The most direct impact of EMU on the structure of derivatives contracts will be the elimination of currency derivatives between the currencies of countries joining EMU. If EMU begins with core ERM countries, the negative impact on trading volumes will be muted, because trading in intra-core currency derivatives is relatively limited. Higher volume contracts between core and noncore currencies will simply change into contracts between the euro and noncore currencies; DM-lira contracts will simply become euro-lira contracts. The high volume contracts between dollars, yen, and DM-block currencies will be little affected with the euro substituting for European currencies. If EMU enhances trading within, and capital flows to, the euro-area, the demand for currency derivatives could increase. Activity in the European derivative markets may also increase during 1997-98 and 1999-2002 as foreign exchange and interest rate options are used to hedge risk in the transitional periods.

With the creation of EMU, the market for interest rate swaps will become larger and more liquid, as contracts of participating currencies become perfectly fungible. Enhanced liquidity is also likely to increase the use of swaps outside the banking sector. EMU will also boost the demand for options contracts on interest rate spreads and allow investors to hedge credit-risk spreads between bonds of high-debt countries and the euro benchmark. Interest-rate-spread based contracts may also develop for private debt securities.

For bond market futures, it is difficult to know whether the market will demand a futures contract for each national bond, or whether a generic contract will emerge. This will depend on the volatility of credit spreads between the various national issues. If the spreads are stable, the low basis risk could lead the market to develop a single liquid 10-year futures contract similar to the U.S. Treasury bond future. Otherwise, there could be a range of futures contracts one for each national benchmark issue. The selection of deliverable bonds will also be crucial. If two or more national bonds are deliverable for a generic bond futures contract, the contract could favor the cheapest bond to deliver and create liquidity of that bond at the expense of higher quality bonds. Basket-type euro futures contracts are unlikely to emerge, because derivatives exchanges would like to avoid repeating the experience of LIFFE with 10-year ECU futures contracts between 1990 and 1991. At that time, LIFFE’s basket of deliverable bonds included Ecu OATS, European Investment Bank bonds, U.K. gilts, and Italian government bonds. While all bonds, in principle, had the same rating, there was, in practice, always one that was cheaper to deliver. In effect, LIFFE’s contract turned out to be an inadequate hedging tool.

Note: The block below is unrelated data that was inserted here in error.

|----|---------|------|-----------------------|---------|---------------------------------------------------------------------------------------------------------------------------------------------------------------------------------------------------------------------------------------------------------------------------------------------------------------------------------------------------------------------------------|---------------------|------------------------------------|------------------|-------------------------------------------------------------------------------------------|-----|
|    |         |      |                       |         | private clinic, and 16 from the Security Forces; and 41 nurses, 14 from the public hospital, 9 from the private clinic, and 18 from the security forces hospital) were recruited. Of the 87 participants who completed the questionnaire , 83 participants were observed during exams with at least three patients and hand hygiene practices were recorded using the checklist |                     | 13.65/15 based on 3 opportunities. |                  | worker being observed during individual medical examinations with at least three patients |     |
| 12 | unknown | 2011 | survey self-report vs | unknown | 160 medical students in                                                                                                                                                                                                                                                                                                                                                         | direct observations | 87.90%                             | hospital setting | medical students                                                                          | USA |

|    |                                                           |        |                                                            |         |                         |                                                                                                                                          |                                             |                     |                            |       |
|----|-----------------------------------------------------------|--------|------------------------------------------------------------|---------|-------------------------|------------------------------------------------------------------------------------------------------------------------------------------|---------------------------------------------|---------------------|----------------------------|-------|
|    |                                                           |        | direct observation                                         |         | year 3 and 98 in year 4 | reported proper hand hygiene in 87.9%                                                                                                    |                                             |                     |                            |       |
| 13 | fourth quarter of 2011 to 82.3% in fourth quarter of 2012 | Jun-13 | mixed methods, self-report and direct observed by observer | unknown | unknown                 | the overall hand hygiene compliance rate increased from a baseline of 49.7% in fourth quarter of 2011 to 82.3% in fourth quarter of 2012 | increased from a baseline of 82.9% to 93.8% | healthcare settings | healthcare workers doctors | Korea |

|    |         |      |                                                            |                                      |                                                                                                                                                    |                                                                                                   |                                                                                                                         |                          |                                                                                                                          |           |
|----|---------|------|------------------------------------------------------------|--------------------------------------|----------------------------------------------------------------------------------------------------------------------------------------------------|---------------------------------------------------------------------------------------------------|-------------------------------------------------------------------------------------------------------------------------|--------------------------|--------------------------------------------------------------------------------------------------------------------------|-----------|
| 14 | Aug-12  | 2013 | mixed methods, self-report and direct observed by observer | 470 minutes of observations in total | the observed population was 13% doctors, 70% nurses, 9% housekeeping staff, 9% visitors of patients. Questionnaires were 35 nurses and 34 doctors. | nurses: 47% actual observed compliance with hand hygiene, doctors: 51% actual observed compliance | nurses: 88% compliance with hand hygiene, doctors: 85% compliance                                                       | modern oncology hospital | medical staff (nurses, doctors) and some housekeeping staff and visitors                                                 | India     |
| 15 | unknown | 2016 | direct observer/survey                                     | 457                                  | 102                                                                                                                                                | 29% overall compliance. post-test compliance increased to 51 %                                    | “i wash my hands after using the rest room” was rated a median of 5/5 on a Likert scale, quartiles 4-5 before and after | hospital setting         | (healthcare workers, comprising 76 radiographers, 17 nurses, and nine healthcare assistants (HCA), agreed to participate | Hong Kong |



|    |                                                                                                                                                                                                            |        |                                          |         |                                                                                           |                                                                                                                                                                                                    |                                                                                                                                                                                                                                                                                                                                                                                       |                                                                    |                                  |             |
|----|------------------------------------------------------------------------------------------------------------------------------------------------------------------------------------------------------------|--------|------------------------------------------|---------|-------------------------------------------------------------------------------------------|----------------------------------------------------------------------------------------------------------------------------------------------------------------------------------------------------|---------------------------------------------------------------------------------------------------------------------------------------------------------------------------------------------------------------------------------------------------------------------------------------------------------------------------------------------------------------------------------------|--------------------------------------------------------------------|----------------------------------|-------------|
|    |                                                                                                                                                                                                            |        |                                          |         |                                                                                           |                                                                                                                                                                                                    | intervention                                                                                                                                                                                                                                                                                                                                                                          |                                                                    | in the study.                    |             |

F. Systemic Risk Management in EMU

This section examines two remaining institutional challenges. The degree of securitization and the liquidity of financial markets rests on the ability to quickly and efficiently settle payments and to move cash. A wholesale payments system capable of safely processing a large volume of intraday payment orders is necessary to support the large turnover in securities markets needed for liquidity, the rapidly changing dealer positions financed with repurchase agreements, and margin requirements arising from futures and options markets. The first challenge involves reaping the full benefits from the Target payments system. Who has access, and on what terms, could have important implications for systemic risk management and for fully capturing the potential risk reductions of real-time gross settlement (RTGS). The second challenge involves linking supervisory and lender-of-last-resort functions to the center of the payments system for effective systemic crisis prevention and management.

Reaping the rewards of RTGS across Europe

The main systemic problem in payments systems is the very low probability but very high cost (payments gridlock) of settlement failures. RTGS systems are being implemented in EU countries to improve payments efficiency and to reduce the potential for settlement problems. Because the euro will increase integration across national markets, cross-border transactions are likely to increase significantly, even for European countries not included in EMU. In order to implement an EMU monetary policy, to improve payments efficiency, and to reduce the potential for payments system problems, the EU will implement a new Target payments systems that links the separate national RTGS payments systems. To the extent that European (EU and non-EU) countries that have significant volumes of transactions with the euro zone are not part of EMU, the full benefits of RTGS systems will not be internalized within EMU. This is a rationale for making Target a pan-European payments system.